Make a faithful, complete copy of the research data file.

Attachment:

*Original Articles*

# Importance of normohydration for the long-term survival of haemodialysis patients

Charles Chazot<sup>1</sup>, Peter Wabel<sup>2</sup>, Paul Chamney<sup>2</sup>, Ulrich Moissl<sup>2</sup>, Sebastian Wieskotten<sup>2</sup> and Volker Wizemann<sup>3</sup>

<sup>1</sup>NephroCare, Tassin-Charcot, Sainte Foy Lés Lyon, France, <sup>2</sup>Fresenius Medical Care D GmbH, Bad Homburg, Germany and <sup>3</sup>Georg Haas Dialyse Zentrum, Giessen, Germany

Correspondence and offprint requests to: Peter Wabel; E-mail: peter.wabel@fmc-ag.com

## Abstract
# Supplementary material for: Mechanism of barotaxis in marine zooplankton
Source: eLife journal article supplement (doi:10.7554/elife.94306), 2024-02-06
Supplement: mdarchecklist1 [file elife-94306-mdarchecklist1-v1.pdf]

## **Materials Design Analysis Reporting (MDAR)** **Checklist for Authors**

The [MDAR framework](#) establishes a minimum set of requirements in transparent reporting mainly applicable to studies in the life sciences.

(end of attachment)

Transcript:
*Original Articles*

# Importance of normohydration for the long-term survival of haemodialysis patients

Charles Chazot<sup>1</sup>, Peter Wabel<sup>2</sup>, Paul Chamney<sup>2</sup>, Ulrich Moissl<sup>2</sup>, Sebastian Wieskotten<sup>2</sup> and Volker Wizemann<sup>3</sup>

<sup>1</sup>NephroCare, Tassin-Charcot, Sainte Foy Lés Lyon, France, <sup>2</sup>Fresenius Medical Care D GmbH, Bad Homburg, Germany and <sup>3</sup>Georg Haas Dialyse Zentrum, Giessen, Germany

Correspondence and offprint requests to: Peter Wabel; E-mail: peter.wabel@fmc-ag.com

## Abstract
# Supplementary material for: Mechanism of barotaxis in marine zooplankton
Source: eLife journal article supplement (doi:10.7554/elife.94306), 2024-02-06
Supplement: mdarchecklist1 [file elife-94306-mdarchecklist1-v1.pdf]

## **Materials Design Analysis Reporting (MDAR)** **Checklist for Authors**

The [MDAR framework](#) establishes a minimum set of requirements in transparent reporting mainly applicable to studies in the life sciences.